In a settlement announced in June, the state department agreed to waive its 2013 prior restraint, which essentially allowed Defense Distributed to begin posting gun designs on the internet again, not only for The Liberator but for other 3-D printed firearm blueprints, including an AR-15, beginning August 1.

On July 31, however, Judge Robert Lasnik of the U.S. District Court for the Western Washington — in response to a lawsuit by 19 state attorneys general — issued a temporary restraining order blocking Defense Distributed from uploading the blueprints, saying they could likely cause “potential irreparable harm.”

The judge issued the restraining order despite a state department attorney’s insistence that the federal government had determined in May that the online blueprints do not pose a national security risk because they can be bought “in any store.”

In response to the restraining order, Osborne writes, “Wilson has evolved DEFCAD into something else. Now, the blueprints are for sale, this may get around the free distribution argument involved in the court case.”

The injunction reads, “the files cannot be uploaded to the Internet, but they can be emailed, mailed, securely transmitted, or otherwise published within the United States.”

Sales of the designs is not mentioned.

Wilson told Gizmodo that Defense Distributed will comply with the court order by mailing purchased plans on a USB drive, emailing them, or sending them by secure means.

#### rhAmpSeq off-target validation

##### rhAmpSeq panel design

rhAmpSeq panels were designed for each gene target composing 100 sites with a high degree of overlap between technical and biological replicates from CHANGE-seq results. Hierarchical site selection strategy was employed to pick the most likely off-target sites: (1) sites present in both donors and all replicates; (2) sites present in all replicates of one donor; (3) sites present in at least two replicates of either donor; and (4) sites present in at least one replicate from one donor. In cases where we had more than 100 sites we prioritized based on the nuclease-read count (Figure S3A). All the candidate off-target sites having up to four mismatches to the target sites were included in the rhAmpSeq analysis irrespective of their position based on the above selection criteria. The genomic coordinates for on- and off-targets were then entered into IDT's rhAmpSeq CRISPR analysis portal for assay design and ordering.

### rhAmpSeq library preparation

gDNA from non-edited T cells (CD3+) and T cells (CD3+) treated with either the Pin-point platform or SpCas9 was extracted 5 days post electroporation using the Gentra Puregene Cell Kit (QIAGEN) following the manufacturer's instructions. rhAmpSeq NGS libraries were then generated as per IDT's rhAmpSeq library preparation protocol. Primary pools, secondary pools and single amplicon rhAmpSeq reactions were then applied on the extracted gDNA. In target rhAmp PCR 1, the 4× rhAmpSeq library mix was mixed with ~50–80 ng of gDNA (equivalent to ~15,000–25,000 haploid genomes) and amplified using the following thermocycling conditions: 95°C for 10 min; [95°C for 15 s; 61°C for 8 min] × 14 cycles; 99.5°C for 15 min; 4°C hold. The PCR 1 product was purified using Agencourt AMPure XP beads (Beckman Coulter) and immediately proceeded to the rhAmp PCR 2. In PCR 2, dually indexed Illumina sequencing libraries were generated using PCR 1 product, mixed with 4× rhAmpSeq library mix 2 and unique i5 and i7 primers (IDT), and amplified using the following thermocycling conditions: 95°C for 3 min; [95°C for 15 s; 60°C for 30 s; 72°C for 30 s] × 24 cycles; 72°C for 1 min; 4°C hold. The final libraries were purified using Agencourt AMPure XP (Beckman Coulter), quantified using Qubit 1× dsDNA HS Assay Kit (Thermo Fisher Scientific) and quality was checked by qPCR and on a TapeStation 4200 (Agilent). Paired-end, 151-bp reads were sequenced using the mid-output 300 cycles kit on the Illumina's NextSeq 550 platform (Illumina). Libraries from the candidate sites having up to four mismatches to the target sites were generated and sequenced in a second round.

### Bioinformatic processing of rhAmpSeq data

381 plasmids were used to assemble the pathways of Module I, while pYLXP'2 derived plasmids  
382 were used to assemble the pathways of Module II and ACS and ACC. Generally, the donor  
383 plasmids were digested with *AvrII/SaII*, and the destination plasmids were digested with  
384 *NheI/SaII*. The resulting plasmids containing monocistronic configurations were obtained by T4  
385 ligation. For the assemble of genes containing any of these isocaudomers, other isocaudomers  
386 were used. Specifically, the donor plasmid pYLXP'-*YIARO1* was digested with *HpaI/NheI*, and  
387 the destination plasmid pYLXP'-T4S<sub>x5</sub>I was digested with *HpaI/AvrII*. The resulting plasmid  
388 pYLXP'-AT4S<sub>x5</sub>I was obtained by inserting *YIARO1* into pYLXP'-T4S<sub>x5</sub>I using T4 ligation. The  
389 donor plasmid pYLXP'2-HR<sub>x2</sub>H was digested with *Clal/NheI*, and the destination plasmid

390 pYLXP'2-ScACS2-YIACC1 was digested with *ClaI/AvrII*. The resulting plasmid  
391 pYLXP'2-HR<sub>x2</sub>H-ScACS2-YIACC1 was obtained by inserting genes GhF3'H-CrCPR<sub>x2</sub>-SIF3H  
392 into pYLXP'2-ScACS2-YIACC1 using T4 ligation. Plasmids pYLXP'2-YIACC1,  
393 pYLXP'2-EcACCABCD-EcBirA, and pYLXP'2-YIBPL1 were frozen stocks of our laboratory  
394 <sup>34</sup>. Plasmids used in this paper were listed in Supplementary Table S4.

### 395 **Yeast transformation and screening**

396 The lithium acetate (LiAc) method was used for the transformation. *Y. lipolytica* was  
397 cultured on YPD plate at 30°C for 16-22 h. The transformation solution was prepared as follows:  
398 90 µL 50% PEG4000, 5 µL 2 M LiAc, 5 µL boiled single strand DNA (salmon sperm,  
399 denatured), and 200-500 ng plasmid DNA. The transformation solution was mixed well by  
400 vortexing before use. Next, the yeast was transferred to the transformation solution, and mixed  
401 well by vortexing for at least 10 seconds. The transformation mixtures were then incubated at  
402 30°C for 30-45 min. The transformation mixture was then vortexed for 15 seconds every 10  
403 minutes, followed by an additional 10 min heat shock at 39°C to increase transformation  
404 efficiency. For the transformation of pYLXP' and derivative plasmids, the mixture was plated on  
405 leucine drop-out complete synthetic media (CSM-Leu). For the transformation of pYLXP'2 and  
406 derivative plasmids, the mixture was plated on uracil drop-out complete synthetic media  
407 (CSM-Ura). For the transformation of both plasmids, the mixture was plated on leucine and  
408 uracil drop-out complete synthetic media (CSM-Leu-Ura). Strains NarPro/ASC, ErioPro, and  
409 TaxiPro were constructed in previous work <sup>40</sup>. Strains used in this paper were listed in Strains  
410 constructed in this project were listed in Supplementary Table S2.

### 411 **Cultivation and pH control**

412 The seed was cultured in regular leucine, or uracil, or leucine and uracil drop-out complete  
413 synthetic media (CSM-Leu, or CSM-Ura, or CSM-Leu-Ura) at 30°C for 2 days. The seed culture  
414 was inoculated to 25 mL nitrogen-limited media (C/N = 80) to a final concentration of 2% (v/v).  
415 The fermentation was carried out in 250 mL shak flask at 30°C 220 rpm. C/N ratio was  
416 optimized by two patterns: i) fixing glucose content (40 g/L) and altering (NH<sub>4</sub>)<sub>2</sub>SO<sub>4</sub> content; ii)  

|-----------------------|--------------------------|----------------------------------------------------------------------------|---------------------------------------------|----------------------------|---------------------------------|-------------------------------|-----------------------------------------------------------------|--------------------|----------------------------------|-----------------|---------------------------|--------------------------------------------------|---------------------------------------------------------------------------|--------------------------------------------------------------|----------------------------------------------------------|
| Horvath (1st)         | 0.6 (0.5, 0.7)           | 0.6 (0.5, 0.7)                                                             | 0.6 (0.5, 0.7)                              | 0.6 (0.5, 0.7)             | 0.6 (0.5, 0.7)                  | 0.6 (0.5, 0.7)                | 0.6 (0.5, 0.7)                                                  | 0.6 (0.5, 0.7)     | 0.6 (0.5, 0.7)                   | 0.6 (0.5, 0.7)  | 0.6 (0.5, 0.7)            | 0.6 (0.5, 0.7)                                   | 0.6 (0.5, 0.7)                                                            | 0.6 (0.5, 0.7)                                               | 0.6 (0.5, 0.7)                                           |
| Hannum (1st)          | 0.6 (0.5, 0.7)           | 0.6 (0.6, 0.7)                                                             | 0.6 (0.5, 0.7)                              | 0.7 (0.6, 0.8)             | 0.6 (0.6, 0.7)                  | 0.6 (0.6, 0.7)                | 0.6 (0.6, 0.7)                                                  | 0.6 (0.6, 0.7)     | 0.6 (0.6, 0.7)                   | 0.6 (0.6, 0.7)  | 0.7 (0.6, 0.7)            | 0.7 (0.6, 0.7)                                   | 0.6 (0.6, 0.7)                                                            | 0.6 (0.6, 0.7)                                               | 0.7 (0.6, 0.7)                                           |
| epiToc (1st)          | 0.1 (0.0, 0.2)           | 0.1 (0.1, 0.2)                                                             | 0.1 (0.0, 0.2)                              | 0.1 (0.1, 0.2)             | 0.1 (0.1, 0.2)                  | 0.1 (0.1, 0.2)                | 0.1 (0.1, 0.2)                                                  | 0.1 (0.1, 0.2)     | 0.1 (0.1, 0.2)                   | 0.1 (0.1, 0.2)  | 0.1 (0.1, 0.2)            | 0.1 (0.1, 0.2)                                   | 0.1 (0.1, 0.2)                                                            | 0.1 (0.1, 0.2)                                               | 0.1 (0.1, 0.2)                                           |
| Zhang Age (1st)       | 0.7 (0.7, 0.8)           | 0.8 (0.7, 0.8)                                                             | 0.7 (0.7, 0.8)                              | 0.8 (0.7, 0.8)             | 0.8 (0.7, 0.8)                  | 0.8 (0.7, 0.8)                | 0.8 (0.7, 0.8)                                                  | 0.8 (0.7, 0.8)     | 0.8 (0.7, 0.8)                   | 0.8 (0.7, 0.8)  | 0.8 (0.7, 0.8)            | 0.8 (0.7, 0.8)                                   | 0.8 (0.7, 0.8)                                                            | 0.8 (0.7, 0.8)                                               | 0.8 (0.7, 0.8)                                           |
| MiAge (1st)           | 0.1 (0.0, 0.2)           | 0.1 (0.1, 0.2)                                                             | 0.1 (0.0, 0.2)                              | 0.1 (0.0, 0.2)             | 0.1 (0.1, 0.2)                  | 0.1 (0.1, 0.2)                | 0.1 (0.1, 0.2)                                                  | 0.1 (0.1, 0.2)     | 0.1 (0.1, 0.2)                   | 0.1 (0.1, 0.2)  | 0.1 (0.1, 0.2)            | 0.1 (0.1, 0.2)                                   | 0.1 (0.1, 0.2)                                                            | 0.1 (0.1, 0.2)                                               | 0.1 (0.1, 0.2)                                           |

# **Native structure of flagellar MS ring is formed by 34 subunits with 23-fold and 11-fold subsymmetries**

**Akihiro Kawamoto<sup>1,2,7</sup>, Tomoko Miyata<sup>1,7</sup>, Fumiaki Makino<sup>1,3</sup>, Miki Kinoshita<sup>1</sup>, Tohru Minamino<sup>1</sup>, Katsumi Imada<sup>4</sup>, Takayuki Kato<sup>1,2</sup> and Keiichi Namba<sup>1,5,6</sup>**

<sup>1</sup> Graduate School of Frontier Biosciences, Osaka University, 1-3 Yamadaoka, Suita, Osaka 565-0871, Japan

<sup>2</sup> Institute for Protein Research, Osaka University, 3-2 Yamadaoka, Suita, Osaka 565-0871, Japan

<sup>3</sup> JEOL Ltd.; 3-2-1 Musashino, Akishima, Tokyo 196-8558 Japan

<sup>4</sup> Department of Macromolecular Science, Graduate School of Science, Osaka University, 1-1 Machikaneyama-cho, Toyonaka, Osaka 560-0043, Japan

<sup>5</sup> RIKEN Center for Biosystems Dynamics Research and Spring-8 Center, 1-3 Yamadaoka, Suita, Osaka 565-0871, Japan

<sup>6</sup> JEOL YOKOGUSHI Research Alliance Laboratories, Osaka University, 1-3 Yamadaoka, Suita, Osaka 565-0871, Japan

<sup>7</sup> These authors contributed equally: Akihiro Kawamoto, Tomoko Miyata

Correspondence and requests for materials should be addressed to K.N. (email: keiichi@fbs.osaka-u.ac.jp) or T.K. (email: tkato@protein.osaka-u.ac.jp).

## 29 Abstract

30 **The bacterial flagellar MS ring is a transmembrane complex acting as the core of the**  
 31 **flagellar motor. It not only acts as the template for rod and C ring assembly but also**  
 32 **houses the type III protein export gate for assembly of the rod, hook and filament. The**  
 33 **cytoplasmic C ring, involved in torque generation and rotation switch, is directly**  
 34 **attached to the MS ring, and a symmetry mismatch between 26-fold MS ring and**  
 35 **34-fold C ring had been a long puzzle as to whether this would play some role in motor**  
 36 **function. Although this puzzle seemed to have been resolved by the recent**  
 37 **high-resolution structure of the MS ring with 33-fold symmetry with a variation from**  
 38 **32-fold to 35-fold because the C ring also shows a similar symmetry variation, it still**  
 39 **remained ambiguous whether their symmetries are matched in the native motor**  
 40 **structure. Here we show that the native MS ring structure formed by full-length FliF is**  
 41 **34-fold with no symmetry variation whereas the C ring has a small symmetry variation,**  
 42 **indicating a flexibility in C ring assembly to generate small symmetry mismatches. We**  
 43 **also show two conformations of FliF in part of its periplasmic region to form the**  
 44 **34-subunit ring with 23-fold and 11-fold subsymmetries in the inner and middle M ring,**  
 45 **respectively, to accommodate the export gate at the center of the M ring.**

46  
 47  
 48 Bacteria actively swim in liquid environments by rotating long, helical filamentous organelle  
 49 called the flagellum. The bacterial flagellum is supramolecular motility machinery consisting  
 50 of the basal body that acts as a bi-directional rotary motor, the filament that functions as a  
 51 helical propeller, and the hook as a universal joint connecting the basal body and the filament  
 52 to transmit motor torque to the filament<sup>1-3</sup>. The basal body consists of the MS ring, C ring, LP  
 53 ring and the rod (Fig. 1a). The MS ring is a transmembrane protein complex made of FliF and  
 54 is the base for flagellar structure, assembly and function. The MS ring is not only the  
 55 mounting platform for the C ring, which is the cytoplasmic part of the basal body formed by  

Washington State Attorney General Bob Ferguson, who filed the initial injunction, told Gizmodo, “I trust the federal government will hold Cody Wilson, a self-described ‘crypto-anarchist,’ accountable to that law.”

“So,” Osborne concludes, “the fight over 3D printed weaponry continues. However, it may be a losing battle to fight against distribution at this late stage. The moment a controversial file is uploaded, more copies spring up — and it takes little effort to find 3D printed guns and weapon parts online from other sources.”

For more, go to:

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Governor Brown: Beam Us Up Some Vetoes

The California State Assembly has adjourned from its 2018 legislative session — finally — and the results, once again, aren’t pretty if you are a gun owner or, for that matter, a fan of individual Constitutional rights.

But it’s not over yet. Gov. Jerry Brown must sign the bills for them to be enacted and, when it comes to Governor Moonbeam, he can be unpredictable and mercurial in vetoing bills.

The California State Assembly has not overridden a governor’s veto since 1979, during Brown’s first stint as the Golden State’s chief executive.

The National Rifle Association is alerting gun owners to contact Gov. Brown and urge him to veto SB 221, SB 1100, SB 1177, SB 1487, AB 2103, and AB 2888. Here are descriptions and links to the bills in the NRA alert:

— Senate Bill 1100, sponsored by Sen. Anthony Portantino (D-La Canada Flintridge), would raise the minimum age to purchase a long gun from 18 years old to 21 years old, effectively denying young adults the ability to exercise their constitutional rights.

— Senate Bill 1177, also sponsored by Portantino, would prohibit a person from making more than one application to purchase and the dealer delivery of any type of firearm within any 30-day period.